The film, “Stringing a Yarn,” was directed, photographed and edited by Lou Columbus, a resident of St. Andrews. It was shot at Floriopolis, the new art hub in the historic district, with the cooperation of artist-in-residence Heather Parker and her young students.
To complete the scenes we had in mind, Lou and I also conscripted artist and natural improviser Deborah Kivett, who happened to be in the wrong place at the right time, and whose critiques of the work had us in stitches.
Now the film, like the short story, is out in the world. It’s a thing that is no longer strictly “ours,” but that the viewing public can take and make of it what they will.
Weaving is a natural metaphor for the craft of writing, of pulling together the disparate threads of story to create a meaningful whole. It works as well for film-making, as the director envisions the writer’s scenes and the editor connects pieces shot out of order to form a narrative, often tying everything together with the perfect melody.
It’s not the first time I’ve been inspired by the art of the weaver. I once wrote a piece about a woman who saw in the patterns of her crochet all the quantum secrets of the universe, all the ways we’re connected and how simple it is to become entangled, frayed, knotted or cut off.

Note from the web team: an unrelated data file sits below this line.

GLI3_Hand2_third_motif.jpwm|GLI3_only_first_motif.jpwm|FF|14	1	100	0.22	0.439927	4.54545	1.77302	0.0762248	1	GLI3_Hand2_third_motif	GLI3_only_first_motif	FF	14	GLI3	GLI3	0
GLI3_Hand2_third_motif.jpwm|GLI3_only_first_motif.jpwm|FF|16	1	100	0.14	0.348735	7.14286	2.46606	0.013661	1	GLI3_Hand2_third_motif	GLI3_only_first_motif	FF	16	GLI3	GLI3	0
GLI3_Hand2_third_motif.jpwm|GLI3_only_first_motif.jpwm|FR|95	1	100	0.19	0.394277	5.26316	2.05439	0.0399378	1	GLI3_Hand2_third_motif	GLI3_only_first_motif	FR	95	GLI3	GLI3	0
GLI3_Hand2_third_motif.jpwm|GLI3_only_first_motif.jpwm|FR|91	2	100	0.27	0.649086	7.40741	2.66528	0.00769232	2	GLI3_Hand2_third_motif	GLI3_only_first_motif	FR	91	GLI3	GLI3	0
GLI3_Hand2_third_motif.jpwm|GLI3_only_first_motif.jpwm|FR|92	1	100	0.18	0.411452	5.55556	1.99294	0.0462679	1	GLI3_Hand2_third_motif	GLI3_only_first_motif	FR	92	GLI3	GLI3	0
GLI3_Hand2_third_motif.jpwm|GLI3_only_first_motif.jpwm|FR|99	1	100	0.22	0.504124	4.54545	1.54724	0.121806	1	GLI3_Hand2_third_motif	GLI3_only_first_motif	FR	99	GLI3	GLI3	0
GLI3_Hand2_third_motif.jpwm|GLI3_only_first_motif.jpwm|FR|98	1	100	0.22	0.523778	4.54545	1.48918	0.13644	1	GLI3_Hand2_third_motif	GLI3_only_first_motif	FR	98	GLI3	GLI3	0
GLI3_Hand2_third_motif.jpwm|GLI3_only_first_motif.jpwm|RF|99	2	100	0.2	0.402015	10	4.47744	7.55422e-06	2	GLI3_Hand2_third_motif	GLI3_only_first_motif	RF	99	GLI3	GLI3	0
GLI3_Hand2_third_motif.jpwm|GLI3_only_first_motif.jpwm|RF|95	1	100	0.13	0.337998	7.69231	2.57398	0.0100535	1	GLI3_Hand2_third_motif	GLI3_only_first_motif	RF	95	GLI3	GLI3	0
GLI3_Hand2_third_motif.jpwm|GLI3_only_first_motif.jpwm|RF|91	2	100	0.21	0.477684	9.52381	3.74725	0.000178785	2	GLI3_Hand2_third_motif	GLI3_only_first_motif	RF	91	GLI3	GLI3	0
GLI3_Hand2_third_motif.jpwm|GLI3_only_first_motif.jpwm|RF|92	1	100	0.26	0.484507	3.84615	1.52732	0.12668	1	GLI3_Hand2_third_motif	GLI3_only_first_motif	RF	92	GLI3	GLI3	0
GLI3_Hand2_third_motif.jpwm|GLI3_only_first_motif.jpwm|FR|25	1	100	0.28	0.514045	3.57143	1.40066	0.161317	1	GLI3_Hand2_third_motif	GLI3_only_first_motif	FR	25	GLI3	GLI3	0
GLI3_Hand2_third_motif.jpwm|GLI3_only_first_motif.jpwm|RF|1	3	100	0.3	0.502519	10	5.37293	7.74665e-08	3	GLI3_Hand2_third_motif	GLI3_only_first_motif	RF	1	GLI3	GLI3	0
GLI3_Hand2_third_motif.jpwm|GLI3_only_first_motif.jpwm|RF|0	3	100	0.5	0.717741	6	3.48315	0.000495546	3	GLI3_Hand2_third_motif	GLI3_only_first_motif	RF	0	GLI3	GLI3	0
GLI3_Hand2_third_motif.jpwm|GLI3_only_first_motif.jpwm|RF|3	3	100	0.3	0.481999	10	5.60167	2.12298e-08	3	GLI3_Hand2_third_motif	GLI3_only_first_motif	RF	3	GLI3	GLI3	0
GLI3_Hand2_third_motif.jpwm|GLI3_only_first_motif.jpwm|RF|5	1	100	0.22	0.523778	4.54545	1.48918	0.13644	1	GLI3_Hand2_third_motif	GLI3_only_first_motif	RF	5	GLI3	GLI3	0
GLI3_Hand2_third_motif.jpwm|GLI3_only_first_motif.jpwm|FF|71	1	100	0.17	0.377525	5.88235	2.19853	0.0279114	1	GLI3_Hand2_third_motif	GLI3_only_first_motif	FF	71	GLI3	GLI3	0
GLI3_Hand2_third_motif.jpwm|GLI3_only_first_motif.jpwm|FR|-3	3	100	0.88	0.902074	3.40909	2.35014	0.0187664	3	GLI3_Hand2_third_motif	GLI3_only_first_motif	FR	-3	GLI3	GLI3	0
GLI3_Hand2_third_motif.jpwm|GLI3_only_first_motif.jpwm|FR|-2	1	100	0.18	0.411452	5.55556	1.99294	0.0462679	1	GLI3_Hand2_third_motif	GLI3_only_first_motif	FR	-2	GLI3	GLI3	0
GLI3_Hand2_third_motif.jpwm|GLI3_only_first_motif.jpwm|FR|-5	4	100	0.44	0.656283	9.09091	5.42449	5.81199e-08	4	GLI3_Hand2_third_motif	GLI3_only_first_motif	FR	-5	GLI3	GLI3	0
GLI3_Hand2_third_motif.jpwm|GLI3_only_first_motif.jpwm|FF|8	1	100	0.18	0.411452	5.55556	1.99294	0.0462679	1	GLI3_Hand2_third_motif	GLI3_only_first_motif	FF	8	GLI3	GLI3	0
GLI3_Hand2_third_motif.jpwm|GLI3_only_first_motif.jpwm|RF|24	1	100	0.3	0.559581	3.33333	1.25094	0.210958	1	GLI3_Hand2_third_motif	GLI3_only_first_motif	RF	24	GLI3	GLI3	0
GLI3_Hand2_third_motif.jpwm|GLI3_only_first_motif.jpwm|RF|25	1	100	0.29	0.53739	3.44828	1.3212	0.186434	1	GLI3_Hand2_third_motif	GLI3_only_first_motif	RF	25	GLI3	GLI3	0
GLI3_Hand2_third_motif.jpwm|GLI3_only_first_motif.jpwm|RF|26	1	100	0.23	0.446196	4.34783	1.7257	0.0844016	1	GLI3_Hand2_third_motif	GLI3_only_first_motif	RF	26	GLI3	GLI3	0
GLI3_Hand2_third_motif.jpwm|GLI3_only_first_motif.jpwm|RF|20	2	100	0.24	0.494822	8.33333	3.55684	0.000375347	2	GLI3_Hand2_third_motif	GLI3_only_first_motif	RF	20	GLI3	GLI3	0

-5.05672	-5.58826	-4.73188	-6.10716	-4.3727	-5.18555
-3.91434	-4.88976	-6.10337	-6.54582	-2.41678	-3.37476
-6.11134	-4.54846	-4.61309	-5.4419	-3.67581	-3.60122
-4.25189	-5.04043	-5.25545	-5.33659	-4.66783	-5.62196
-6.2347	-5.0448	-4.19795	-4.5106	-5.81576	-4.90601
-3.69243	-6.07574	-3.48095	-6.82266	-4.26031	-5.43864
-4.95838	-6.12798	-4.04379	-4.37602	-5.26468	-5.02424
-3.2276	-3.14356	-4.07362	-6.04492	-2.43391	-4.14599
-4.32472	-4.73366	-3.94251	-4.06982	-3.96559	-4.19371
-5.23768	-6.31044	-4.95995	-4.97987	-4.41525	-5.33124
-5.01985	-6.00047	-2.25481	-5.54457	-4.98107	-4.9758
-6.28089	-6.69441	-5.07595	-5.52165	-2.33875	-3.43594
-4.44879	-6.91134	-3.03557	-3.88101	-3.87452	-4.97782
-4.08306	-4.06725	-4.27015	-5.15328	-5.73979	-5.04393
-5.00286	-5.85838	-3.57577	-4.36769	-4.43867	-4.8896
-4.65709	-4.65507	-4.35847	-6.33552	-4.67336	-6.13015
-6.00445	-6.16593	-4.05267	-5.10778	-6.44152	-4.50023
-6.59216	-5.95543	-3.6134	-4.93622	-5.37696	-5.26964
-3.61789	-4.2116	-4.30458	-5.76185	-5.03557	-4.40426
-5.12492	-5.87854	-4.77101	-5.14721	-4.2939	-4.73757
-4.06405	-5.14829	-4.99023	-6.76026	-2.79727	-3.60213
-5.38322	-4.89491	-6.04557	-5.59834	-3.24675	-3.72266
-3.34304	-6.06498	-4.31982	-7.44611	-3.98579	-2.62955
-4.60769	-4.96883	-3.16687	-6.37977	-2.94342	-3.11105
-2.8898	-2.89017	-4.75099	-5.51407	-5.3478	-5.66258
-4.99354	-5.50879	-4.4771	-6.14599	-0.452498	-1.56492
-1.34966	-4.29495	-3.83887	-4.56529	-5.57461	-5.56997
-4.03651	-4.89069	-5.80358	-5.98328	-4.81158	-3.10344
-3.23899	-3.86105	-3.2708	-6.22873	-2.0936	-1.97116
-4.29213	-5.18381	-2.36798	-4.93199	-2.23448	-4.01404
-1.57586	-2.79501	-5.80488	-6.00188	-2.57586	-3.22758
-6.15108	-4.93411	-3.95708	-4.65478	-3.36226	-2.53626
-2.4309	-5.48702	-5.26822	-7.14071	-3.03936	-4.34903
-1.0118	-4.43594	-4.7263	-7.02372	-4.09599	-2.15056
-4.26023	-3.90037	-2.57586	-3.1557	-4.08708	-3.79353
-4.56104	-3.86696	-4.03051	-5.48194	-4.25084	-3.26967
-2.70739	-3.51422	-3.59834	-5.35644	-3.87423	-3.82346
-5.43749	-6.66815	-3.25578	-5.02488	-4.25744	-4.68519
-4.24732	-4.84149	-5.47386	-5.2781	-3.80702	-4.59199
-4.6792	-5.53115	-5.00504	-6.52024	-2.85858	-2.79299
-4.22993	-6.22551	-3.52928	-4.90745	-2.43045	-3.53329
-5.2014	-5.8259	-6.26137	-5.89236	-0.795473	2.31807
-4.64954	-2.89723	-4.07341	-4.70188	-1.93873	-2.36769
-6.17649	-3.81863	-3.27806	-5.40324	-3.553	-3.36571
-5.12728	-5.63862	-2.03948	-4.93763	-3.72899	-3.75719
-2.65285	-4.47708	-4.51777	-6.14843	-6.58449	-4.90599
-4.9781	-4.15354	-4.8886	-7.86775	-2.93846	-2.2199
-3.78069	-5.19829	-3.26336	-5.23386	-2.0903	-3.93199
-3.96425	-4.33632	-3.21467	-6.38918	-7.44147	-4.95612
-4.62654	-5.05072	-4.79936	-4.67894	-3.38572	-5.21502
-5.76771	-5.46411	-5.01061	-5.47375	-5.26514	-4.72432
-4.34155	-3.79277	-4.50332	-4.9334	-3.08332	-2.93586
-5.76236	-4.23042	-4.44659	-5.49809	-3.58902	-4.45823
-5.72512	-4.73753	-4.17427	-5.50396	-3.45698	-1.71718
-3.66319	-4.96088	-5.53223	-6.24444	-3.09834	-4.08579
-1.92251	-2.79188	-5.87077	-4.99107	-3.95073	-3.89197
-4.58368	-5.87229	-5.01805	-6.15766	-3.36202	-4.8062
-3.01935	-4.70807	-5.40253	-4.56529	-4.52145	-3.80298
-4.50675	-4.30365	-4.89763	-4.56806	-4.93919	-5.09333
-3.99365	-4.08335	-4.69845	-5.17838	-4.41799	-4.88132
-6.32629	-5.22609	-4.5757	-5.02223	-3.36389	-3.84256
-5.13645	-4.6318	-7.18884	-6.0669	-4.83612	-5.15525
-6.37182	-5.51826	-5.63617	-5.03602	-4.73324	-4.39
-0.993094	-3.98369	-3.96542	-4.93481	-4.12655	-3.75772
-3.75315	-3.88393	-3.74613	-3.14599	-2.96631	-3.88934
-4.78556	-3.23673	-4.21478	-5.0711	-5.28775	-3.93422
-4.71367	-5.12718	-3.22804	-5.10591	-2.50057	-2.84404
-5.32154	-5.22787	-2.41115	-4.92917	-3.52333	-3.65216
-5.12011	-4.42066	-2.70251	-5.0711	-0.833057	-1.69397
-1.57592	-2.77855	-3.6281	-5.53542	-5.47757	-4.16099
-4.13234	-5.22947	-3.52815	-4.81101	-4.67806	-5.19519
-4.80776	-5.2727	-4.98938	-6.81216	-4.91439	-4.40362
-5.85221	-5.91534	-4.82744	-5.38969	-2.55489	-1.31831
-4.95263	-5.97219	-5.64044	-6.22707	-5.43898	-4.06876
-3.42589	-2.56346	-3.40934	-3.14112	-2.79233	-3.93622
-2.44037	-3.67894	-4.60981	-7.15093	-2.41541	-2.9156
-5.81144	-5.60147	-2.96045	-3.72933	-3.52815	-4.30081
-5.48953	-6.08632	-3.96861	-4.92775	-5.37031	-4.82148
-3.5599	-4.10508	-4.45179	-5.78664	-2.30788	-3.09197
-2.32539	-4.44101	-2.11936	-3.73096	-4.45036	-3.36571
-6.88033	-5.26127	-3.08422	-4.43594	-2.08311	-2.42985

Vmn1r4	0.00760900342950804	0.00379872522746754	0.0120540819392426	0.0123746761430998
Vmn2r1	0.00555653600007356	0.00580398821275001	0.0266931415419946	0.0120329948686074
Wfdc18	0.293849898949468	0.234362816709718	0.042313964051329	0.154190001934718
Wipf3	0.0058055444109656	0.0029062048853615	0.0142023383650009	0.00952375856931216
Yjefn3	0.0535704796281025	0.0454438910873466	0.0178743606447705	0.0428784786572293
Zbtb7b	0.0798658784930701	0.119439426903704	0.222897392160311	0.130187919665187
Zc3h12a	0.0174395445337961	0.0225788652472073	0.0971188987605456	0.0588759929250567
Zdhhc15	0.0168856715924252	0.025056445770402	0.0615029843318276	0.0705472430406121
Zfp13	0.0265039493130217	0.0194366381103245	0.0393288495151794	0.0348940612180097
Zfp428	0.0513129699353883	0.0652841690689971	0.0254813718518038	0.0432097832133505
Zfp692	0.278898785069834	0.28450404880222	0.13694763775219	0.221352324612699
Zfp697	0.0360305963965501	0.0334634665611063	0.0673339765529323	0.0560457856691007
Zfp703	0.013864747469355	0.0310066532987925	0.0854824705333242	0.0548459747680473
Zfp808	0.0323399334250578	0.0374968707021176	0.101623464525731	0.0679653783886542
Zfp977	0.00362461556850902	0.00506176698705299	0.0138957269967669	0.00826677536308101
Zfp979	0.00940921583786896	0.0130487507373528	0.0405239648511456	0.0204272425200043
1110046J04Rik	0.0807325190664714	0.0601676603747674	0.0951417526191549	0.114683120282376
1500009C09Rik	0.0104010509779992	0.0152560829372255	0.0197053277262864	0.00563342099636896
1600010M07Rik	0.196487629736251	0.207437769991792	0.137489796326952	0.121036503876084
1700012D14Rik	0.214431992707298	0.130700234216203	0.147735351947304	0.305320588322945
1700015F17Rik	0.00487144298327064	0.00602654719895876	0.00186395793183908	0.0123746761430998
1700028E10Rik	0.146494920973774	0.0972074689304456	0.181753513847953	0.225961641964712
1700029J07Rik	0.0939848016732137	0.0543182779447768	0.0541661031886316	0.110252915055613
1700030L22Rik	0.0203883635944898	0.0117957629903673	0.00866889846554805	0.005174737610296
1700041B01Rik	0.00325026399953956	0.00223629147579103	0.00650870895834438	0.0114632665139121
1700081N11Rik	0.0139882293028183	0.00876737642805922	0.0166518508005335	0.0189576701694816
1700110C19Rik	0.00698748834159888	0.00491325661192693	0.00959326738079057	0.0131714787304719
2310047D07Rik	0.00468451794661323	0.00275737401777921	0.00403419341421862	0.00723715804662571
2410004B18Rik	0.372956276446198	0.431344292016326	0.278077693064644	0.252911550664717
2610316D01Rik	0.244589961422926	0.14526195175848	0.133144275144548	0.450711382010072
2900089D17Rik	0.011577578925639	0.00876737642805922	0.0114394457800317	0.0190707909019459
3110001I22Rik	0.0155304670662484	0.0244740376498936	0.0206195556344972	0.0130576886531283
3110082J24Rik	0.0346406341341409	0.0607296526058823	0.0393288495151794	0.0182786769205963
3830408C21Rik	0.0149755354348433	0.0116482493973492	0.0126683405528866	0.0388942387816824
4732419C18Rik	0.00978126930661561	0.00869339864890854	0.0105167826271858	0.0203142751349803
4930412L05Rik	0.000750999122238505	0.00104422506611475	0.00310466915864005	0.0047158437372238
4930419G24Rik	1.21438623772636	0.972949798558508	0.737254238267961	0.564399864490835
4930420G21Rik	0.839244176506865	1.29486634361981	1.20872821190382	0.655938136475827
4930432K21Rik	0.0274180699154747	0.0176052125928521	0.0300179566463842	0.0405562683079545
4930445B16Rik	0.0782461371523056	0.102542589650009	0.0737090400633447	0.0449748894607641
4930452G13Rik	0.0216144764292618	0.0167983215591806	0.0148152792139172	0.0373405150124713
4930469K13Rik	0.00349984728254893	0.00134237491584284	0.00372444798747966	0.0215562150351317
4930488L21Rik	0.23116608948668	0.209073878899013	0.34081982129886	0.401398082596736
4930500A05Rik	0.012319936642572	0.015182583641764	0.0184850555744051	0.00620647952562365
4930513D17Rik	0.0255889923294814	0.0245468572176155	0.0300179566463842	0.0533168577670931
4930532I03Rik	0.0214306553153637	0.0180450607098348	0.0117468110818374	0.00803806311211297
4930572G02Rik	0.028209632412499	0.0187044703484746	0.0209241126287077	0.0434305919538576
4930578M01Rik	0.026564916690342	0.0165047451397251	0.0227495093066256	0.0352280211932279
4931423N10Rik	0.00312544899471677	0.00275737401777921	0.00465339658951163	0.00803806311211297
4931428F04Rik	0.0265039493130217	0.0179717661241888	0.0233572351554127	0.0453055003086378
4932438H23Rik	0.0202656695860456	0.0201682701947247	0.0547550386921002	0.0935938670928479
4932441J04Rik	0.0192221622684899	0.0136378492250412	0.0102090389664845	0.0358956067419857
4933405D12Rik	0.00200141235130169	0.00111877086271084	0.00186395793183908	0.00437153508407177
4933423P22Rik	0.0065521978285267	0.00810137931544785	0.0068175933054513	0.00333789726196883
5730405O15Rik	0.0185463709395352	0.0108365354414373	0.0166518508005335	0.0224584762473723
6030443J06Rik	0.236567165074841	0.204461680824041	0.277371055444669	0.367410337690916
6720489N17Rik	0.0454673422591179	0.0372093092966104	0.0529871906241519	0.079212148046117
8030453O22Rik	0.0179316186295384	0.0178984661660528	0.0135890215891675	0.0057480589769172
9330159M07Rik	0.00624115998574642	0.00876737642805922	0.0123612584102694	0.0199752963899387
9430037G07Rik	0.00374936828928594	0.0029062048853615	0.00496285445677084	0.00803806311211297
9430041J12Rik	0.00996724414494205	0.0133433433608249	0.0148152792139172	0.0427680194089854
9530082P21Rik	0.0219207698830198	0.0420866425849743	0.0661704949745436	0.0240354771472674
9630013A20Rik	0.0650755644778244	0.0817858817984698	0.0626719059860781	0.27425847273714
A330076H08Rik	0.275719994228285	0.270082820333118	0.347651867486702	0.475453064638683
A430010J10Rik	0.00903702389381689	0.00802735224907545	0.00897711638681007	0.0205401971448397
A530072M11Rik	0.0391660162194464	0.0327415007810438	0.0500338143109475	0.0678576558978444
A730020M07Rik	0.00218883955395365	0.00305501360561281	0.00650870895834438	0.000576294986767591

Life is a series of interconnected stories, and art is steeped in story (and vice versa). Later this month, Floriopolis will host some examples of storytelling arts you might enjoy:
* A “1940s Noir Night” will be 6-8 p.m. on May 24 to celebrate the release of local author Michael Lister’s latest mystery novel, “The Big Hello.” The book represents the conclusion of his “Soldier” Riley trilogy set in 1940s Panama City. Details:
* Bay Storytellers will hold a Panama City Story Slam at 7 p.m. May 30. Participants must tell — not read — a 5-minute story. No poetry or songs are allowed, and the key word “bay” must be included in the tale. Cash prizes will be awarded. Details: Call Pat at 814-2616, or visit online.
Meanwhile, “The Weaver” remains on display at Floriopolis, part of the “Spinning a Yarn” exhibit. Visit the shop at 1125 Beck Ave., and decide for yourself if it should be there.